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Sidi

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5

When can you pause during an interview?

This question concerns interviewee-led cases (Bain/BCG final round).

I've done several cases with MBB coaches. In this time I've gotten inconsistent advice regarding pauses.

Some say that you are allowed to pause when presented with exhibits for a short period of time (after asking permission), and this is in fact a good approach to insure you are providing a structured analysis. Others say that you should jump in right away and provide analysis on the exhibits. I've heard the same conflict on conclusions.

This is obviously very confusing. More people have told me take a pause, but those who tell me the opposite insist I will be marked down for pausing.

Who is right and what is the expectation in your opinion?

This question concerns interviewee-led cases (Bain/BCG final round).

I've done several cases with MBB coaches. In this time I've gotten inconsistent advice regarding pauses.

Some say that you are allowed to pause when presented with exhibits for a short period of time (after asking permission), and this is in fact a good approach to insure you are providing a structured analysis. Others say that you should jump in right away and provide analysis on the exhibits. I've heard the same conflict on conclusions.

This is obviously very confusing. More people have told me take a pause, but those who tell me the opposite insist I will be marked down for pausing.

Who is right and what is the expectation in your opinion?

5 answers

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I absolutely agree with Vlad and Francesco!

ALWAYS take time to digest an exhibit! I would even say that starting to talk right away without having properly looked at what is being given to you is an absolute No-Go - because you also should never do something like this in a client situation!

I do not know who gave you the advice that you need to jump into it right away, but this is fundamentally flawed and dangerous advice!

Cheers, Sidi

I absolutely agree with Vlad and Francesco!

ALWAYS take time to digest an exhibit! I would even say that starting to talk right away without having properly looked at what is being given to you is an absolute No-Go - because you also should never do something like this in a client situation!

I do not know who gave you the advice that you need to jump into it right away, but this is fundamentally flawed and dangerous advice!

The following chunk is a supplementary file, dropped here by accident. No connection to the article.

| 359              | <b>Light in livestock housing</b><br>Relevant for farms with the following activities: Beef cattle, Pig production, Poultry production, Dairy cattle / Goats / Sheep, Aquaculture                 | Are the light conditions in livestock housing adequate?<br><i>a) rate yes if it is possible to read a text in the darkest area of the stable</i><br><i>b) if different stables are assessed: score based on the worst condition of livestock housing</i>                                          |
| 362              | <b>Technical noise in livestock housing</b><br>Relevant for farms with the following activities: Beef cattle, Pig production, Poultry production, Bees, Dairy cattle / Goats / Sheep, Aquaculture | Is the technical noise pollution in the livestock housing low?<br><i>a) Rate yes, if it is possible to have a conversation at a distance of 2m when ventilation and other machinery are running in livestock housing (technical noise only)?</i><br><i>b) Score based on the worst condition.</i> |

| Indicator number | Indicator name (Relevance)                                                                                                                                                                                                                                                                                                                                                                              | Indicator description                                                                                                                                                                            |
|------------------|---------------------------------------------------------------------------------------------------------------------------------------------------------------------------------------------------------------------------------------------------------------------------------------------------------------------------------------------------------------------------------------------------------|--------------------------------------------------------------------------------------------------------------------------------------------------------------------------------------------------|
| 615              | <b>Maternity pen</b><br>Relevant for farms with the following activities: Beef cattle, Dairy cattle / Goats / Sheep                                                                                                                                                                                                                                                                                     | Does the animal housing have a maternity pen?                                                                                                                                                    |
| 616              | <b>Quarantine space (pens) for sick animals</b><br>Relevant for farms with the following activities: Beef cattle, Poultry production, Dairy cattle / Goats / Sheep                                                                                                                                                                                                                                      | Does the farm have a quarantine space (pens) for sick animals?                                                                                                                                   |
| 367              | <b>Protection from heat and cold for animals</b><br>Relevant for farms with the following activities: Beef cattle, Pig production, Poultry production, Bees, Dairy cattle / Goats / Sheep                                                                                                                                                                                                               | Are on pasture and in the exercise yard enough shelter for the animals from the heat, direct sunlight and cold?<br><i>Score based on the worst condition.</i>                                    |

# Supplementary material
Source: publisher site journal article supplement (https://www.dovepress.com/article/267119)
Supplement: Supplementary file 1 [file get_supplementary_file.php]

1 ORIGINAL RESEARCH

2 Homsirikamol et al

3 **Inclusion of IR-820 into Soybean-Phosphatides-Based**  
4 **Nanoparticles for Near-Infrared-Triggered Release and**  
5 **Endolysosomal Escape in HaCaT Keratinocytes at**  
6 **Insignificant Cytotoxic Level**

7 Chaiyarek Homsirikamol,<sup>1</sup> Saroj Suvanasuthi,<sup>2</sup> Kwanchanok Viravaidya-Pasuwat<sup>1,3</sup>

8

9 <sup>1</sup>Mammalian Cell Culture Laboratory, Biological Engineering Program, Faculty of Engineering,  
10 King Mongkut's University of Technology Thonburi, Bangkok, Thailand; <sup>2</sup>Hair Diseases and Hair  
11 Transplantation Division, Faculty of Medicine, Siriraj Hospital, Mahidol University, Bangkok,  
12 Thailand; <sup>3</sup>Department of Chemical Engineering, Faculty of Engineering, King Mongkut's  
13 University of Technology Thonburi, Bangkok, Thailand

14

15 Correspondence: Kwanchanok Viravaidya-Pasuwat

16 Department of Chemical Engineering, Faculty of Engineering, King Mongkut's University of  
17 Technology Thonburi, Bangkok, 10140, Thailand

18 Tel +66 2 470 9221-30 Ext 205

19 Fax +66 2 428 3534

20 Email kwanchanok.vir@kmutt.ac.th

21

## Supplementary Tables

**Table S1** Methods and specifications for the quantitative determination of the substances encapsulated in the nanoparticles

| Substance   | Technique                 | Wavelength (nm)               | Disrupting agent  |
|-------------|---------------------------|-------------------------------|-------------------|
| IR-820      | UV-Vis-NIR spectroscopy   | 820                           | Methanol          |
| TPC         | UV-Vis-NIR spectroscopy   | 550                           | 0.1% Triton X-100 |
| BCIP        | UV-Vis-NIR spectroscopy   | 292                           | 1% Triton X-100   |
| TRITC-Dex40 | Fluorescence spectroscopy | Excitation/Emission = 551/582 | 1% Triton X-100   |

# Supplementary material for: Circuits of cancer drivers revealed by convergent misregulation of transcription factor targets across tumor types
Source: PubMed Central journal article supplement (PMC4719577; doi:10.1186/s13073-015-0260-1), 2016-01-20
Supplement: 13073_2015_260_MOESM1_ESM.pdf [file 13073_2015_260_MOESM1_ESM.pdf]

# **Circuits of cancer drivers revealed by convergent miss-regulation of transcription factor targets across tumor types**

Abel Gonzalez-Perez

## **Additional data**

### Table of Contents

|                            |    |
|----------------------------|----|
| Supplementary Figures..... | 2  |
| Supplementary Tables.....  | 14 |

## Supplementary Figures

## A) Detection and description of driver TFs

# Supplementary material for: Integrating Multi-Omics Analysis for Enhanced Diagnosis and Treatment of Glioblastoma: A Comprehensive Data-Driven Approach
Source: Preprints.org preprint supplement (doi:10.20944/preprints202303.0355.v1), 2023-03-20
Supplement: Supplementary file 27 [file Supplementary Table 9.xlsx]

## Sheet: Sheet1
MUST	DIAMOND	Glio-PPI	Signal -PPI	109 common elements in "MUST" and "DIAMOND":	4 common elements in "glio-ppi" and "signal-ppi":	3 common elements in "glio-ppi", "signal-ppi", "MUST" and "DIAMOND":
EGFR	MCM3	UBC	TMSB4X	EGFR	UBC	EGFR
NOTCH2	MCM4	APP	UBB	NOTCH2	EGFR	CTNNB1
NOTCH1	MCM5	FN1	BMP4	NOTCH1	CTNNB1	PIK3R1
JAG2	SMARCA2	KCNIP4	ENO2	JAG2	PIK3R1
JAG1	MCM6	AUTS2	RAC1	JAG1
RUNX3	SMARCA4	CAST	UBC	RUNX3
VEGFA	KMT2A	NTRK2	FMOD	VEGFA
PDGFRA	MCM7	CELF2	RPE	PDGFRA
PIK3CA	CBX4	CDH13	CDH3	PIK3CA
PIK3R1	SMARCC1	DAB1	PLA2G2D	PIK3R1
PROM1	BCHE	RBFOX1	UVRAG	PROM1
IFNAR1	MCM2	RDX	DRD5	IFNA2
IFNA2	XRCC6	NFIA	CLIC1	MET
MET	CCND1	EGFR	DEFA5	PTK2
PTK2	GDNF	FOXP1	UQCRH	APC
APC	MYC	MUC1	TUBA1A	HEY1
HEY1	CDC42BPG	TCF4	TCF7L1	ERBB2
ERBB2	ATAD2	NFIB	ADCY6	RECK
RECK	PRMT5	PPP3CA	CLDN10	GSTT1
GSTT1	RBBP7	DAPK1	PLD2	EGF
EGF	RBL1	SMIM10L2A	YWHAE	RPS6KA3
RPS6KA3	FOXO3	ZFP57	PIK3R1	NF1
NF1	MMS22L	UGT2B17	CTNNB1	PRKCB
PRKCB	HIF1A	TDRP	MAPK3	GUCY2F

Cheers, Sidi

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Hi Anonymous,

I agree with Vlad, it is totally fine to ask for one minute to read a graph before moving to the analysis. After you took some time you should:

  • Summarize what the graph is about
  • Restate the main question you have to answer
  • Provide an analysis related to the question
  • Provide a conclusion for the graph which answers the original question
  • Present the next steps to follow based on such conclusion

That doesn’t mean that reading the graph right after you receive it is wrong – it just requires more experience and better communication skills to go through. In particular, I noticed that when people don’t take time at the beginning in a graph analysis, they often start to read it and then freeze when they read something they do not understand. This is not good, as the interviewer will assume you could freeze as well in front of a client. Thus in general if you feel uncomfortable with complex graph analysis I would suggest to ask for some time as first step – your following reading and analysis will be a lot better. The same reasoning is true for the final conclusion (unless the interviewer explicitly requests a 10-second one).

Finally, be aware that when you ask for some time to organize your thoughts, the interviewer could sometimes request to provide an immediate response to put you under pressure; if that happens, the best thing is to repeat the original question/information to gain some time, then move through the reading/analysis that you have to provide.

Best,

Francesco

Hi Anonymous,

I agree with Vlad, it is totally fine to ask for one minute to read a graph before moving to the analysis. After you took some time you should:

  • Summarize what the graph is about
  • Restate the main question you have to answer
  • Provide an analysis related to the question
  • Provide a conclusion for the graph which answers the original question
  • Present the next steps to follow based on such conclusion